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11 Articles in Volume 16, Issue #7
A Perspective on Tapentadol Therapy
Acupuncture to Treat Brachial Plexopathy and CRPS
Behavioral Medicine: How to Incorporate Into Pain Management
EpiPens and Opioids: Common Ground
Fibromyalgia and Coexisting Chronic Pain Syndromes
Life-Saving Naloxone: Review of Currently Approved Products
Medical Foods Hold Promise In Chronic Pain Patients
Moving Beyond Pain Scales: Building Better Assessment Tools for Today’s Pain Practitioner
Moving Toward an (Almost) Opioid-Free Emergency Department
No Perfect Medicine—What You Need to Know About NSAIDs and Opioids
Prescribing Opioids: How New Policies Are Affecting Medical Specialties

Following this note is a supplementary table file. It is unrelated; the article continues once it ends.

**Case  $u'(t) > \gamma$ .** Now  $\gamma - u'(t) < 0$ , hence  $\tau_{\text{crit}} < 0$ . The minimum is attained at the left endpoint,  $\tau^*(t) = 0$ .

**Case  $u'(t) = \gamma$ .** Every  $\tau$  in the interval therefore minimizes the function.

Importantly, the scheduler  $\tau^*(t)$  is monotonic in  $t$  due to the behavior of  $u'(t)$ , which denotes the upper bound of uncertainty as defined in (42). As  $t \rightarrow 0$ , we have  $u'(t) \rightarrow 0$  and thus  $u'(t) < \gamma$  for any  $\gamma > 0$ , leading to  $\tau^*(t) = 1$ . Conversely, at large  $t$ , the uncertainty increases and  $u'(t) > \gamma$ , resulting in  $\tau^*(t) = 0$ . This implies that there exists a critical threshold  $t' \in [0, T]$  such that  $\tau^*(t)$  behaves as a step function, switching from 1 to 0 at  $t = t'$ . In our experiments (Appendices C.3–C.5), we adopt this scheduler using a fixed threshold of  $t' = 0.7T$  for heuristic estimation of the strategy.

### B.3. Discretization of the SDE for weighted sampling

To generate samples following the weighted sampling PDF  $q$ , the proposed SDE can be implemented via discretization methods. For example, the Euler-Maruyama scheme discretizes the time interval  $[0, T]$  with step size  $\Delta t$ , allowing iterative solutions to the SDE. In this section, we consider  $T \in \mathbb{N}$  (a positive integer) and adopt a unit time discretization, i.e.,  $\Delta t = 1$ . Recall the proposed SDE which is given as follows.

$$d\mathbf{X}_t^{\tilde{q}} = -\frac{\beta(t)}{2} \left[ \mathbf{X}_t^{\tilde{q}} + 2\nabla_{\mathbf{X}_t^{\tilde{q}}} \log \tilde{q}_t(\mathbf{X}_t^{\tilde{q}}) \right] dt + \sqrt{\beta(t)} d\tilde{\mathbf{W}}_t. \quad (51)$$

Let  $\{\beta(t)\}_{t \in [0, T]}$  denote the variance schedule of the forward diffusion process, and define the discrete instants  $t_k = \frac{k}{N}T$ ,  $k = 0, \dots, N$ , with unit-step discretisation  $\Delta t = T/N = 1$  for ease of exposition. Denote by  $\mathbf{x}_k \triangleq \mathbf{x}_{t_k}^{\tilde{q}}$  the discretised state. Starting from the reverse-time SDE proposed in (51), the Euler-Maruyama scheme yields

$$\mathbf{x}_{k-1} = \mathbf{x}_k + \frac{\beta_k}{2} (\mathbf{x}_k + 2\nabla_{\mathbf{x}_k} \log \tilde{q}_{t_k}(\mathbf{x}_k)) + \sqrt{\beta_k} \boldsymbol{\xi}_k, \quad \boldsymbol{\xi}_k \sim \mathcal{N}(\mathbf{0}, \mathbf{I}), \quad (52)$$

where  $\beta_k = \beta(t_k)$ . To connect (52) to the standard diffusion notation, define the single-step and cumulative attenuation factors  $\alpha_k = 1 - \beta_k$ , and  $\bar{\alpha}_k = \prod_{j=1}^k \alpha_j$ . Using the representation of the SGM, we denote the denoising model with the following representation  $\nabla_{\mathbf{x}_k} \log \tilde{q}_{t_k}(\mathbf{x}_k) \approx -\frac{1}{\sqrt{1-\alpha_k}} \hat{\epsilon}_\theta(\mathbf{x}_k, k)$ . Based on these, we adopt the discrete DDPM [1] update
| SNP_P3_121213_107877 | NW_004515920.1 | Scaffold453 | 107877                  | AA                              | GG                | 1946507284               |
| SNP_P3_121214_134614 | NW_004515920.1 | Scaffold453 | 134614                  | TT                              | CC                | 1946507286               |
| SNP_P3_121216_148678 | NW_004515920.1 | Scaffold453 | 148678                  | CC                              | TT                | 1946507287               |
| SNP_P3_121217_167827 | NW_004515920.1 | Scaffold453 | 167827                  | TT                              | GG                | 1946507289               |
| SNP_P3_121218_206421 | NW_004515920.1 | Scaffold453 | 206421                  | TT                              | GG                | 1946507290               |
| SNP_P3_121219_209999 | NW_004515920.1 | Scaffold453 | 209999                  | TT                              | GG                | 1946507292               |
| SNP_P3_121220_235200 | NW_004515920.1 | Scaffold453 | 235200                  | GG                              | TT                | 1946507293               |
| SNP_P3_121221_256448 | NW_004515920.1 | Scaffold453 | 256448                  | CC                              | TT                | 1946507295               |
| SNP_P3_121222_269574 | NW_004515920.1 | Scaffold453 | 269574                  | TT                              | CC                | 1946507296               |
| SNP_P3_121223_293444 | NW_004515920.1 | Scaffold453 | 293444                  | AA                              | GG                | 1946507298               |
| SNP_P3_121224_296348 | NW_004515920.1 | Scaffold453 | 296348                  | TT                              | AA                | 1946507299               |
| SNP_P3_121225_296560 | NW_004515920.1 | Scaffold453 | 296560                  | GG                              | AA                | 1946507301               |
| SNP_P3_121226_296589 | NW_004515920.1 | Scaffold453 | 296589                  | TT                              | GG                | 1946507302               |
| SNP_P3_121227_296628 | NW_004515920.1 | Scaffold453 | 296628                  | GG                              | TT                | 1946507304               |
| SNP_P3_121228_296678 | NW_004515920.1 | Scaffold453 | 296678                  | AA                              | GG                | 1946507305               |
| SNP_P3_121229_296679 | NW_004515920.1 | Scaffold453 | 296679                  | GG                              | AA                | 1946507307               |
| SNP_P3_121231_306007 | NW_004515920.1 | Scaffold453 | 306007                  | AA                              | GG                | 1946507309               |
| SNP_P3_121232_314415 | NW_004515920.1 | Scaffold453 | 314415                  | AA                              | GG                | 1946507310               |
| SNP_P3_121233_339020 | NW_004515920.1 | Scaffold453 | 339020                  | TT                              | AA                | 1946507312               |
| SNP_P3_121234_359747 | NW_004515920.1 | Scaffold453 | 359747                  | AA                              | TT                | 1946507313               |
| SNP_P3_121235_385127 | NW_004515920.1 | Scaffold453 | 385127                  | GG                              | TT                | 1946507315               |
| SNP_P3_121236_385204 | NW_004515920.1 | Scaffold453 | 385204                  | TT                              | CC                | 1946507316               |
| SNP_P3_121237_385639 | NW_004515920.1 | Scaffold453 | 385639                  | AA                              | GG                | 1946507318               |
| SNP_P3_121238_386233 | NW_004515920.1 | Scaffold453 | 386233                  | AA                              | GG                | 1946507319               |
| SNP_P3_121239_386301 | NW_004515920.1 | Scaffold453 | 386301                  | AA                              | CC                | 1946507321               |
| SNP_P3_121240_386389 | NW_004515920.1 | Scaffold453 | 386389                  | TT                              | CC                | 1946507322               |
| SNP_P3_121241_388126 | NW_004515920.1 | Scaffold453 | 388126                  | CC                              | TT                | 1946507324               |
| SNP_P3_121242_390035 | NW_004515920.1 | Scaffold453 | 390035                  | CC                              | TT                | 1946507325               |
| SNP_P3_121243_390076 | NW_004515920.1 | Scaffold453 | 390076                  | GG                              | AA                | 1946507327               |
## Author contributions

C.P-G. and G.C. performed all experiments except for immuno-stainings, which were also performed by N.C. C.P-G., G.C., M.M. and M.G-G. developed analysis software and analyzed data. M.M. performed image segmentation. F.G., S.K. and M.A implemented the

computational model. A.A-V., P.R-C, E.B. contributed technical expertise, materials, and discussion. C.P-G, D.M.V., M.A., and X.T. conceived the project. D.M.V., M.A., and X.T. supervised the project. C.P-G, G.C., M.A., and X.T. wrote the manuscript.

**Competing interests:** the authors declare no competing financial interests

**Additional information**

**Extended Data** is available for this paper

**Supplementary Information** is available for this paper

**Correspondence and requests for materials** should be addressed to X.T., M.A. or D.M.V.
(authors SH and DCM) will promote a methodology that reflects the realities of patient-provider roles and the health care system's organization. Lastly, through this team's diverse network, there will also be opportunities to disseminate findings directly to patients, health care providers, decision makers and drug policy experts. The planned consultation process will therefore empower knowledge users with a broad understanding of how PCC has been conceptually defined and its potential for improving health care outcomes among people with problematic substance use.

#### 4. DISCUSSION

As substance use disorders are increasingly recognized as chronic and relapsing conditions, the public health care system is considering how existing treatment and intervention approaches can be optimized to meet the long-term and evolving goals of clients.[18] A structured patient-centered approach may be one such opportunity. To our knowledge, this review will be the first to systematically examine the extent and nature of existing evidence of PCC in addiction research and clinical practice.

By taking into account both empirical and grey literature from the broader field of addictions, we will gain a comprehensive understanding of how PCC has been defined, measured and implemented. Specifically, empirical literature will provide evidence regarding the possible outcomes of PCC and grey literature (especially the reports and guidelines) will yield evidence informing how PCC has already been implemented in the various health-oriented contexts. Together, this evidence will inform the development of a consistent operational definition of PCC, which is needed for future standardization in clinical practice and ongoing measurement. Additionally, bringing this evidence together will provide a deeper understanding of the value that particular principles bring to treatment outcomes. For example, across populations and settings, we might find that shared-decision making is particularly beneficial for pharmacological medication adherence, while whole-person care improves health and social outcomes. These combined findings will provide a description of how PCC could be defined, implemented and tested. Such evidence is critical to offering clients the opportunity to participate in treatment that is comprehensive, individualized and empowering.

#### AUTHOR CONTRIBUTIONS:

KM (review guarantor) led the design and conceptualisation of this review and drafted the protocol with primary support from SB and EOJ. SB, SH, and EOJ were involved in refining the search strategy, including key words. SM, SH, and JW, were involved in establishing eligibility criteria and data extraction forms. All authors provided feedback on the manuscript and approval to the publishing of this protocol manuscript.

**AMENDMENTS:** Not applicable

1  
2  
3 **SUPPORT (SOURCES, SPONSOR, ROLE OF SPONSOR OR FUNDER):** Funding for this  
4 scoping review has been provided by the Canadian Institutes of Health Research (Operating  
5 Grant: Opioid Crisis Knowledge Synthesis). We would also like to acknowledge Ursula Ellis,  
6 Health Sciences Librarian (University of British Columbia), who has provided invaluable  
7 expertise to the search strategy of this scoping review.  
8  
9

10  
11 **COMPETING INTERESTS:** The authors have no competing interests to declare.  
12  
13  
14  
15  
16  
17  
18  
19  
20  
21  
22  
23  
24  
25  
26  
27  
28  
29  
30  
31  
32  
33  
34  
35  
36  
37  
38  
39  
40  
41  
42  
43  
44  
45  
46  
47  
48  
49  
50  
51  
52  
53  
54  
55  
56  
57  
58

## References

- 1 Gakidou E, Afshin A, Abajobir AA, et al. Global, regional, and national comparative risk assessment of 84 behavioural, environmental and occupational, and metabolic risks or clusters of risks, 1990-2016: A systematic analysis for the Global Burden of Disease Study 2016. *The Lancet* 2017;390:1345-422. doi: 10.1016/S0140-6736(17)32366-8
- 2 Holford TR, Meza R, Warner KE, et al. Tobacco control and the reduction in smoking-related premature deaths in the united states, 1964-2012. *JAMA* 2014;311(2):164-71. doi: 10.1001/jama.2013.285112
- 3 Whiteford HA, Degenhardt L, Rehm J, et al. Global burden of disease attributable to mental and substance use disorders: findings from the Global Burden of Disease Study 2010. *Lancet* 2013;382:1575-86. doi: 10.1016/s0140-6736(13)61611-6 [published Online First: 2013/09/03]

Moving Beyond Pain Scales: Building Better Assessment Tools for Today’s Pain Practitioner

Setting clear goals and regularly re-evaluating the pain management plan is vital to helping chronic pain patients gain improvements in quality of life and function.
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Pain reduction has been one of the primary goals of pain treatment for decades.1-3 Traditionally, reduction in pain was measured by asking patients to rate their pain on a 0 to 10 visual analog scale (VAS) or numeric pain scale (NPS). A 2-point change in the patient’s pain rating (before and after therapy) was considered a successful treatment.  

More recently, physicians have added improvement in function as a goal of therapy.1-3 Although not clearly defined, the term function tends to include whether the patient was able to complete activities of daily living. Another popular assessment tool that incorporates elements of both these tools has been the 5-A assessment system: (1) analgesia; (2) activity; (3) adverse events; (4) aberrant behavior; and (5) affect (Table 1).2-4